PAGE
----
Humanity’s growing awareness of ‘living in society’ is itself a reflection of humanity’s association and struggle (activity) in order to survive and propagate itself. This awareness of ‘living in society’ becomes negatively expressed in humanity’s sense of the ‘otherness’ of nature which ‘confronts men as a completely alien, all-powerful and unassailable force’ (Marx). Humanity living in nature distinguishes itself from nature as ‘other’ in the course of its transforming activity of nature. This is why it becomes ‘conscious’ of ‘living in society’. Marx understands communism…

as fully developed naturalism, equals humanism, and as fully developed humanism equals naturalism; it is the genuine resolution of the conflict between man and nature and between man and man  [15]

And this implies the transcendence of the ‘alienation’ of ‘man in nature’ (of humanity’s sense of the ‘otherness’ of nature and, implicitly, of the sense itself of ‘living in society’?) Communism as ‘the genuine resolution of the conflict between man and nature and between man and man’ implies the transcendence of the identification of nature as ‘otherness’ and therefore of the transcendence of the age-old sense of humanity, ‘living in society’, being distinct from nature, being ‘other’ in nature.

This sense of the ‘otherness of nature’ arises out of humanity’s subservience to, impotence in the face of, nature. Where this ‘subservience and impotence’ ends, in the ages beyond capital, lies the freedom in which humanity neither distinguishes itself from nature nor distinguishes nature from itself. Therein exists neither ‘society’ nor ‘nature’ as such (in humanity’s separation and alienation from nature) with the transcendence of this relationship of alienation but only the oneness of humanity immersed indissolubly in nature in which the ‘otherness of nature’ and the ‘otherness of socialised humanity’ has become resolved and transcended. Within this unity, this identity, this singularity, is transcended humanity’s conceptual differentiation of itself from nature and of nature from itself. Accordingly, there will be no self-identification of humanity by humanity as being ‘human’ and of ‘living in society’ and, likewise, nature is, accordingly, no longer identified by humanity as being ‘nature’.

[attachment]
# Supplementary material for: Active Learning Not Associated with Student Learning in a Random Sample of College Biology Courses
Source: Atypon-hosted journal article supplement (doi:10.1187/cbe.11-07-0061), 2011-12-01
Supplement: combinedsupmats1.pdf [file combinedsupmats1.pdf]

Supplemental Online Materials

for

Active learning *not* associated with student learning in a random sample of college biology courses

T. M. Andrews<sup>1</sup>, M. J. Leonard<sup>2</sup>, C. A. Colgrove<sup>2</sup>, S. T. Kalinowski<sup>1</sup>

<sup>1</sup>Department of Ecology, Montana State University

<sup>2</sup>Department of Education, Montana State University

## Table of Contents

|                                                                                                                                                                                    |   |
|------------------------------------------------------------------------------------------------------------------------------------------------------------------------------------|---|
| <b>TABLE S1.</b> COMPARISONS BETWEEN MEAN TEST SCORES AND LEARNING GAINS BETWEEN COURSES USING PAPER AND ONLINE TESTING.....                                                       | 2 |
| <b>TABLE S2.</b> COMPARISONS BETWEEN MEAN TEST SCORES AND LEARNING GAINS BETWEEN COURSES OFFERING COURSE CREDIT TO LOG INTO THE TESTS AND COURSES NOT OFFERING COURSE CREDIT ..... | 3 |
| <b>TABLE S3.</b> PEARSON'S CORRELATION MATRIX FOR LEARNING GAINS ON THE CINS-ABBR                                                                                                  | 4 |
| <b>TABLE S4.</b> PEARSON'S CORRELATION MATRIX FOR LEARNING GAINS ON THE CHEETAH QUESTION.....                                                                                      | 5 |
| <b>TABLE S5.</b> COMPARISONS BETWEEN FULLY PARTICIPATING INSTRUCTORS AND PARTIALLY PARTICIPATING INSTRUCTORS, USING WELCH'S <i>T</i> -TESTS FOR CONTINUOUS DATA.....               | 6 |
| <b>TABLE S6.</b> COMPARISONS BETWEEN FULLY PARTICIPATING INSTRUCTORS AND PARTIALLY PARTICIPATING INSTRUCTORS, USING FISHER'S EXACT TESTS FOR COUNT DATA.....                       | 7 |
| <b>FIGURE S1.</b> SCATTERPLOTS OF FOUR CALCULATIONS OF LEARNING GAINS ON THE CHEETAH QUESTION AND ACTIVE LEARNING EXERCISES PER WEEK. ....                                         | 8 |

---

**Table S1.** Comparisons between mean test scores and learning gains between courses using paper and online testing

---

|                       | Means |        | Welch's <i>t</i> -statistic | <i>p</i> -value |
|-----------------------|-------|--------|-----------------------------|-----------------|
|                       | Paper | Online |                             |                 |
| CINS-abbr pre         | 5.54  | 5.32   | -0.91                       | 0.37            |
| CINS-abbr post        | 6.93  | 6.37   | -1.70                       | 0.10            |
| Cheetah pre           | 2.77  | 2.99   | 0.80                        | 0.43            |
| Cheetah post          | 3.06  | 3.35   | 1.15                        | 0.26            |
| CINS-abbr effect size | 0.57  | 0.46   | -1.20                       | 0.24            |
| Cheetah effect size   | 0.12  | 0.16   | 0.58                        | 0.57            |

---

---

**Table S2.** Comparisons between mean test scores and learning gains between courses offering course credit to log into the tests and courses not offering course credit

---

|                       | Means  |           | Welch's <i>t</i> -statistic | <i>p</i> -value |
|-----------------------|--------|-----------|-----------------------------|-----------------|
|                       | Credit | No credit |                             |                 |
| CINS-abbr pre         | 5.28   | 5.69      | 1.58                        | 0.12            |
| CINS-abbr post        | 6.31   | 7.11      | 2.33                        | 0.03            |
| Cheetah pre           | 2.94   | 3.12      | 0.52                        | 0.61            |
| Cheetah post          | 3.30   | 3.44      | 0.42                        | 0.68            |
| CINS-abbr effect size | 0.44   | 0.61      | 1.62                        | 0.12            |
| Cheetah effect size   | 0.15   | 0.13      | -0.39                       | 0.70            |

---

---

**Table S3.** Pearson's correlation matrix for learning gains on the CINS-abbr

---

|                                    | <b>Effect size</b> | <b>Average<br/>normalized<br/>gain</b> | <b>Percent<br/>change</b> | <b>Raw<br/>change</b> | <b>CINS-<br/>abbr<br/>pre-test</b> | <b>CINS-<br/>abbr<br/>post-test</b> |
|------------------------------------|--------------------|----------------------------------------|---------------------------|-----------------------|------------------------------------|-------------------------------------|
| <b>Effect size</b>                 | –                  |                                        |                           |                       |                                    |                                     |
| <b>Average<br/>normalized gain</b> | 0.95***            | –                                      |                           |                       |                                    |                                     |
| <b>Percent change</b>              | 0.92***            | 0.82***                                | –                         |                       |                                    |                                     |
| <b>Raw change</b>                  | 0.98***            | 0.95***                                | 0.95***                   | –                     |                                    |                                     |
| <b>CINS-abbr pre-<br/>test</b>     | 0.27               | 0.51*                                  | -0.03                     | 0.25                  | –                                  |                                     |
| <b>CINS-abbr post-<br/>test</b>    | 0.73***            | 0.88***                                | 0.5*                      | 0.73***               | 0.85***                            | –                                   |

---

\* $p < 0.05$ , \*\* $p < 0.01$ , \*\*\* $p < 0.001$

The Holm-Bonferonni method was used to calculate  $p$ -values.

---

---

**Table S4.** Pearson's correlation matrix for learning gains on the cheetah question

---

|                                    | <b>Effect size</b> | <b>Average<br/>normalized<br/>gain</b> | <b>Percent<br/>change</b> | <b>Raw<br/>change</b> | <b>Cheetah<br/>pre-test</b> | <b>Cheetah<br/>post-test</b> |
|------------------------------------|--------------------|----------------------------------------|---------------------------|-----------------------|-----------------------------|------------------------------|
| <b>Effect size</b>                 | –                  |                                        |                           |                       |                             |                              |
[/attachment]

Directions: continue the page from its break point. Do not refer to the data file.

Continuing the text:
The establishment of the relationship between the altering character of the prevailing social relations and existent forms of consciousness means that the conceptual content of human consciousness becomes subject to change and transformation on the basis of the evolution of the socio-historical process. Henceforth, the human psyche itself as a whole evolves historically in its intrinsic relationship to the development of social relations. For example, the thinking of the Neolithic farmer is animated by concerns and thoughts which are both similar and distinct from that of the modern capitalist farmer engaged in agricultural production for profit. Concerns about changing weather, disease in crops, livestock, pests, storage, etc, all preoccupied the Neolithic farmer as they do the capitalist farmer today. But the former was not concerned with the balance of the ledger book and whether rent or tax obligations can be met in the coming season because the property forms and the social relations of the two epochs are totally different. The transhistorical identities are differentiated by the specific character of distinct property forms and corresponding social relations and this dialectical relationship between the transhistorical and the historical is reflected in the different forms and modes of thought which are specific to the differentiations which distinguish and demarcate one epoch from another.

Consciousness evolves as an intrinsic, organic, mediating part of the whole socio-historical process. The historical development of the psyche – in its conceptual content, relations, structure, functions, inner complexity, etc – necessarily reflects and is reflected in the history of human society. However, at the same time, in its inner character and dynamic, it subsumes both the social and the biological within itself, incorporating them into a new psychological synthesis in the course of its psychohistorical formation and development (fm27).

Conscious thought actively mediates socio-historical relations and these relations mediate thought. There is an intermediation. The rise of consciousness (and its transforming effect on the non-conscious awareness of the ancestral animal primate) was therefore necessitated by the emergence of the social nature of hominid and later human relations. Accordingly, it started to emerge and commenced its ascent in the period of hominisation, that is, in the transition period from ancestral animal primate to human.

[v] Afterthoughts : Some Questions 

The purpose of this final section is to raise some questions and tentative propositions on the question of the future of the human personality beyond the capital era and in the evolution of the global commune.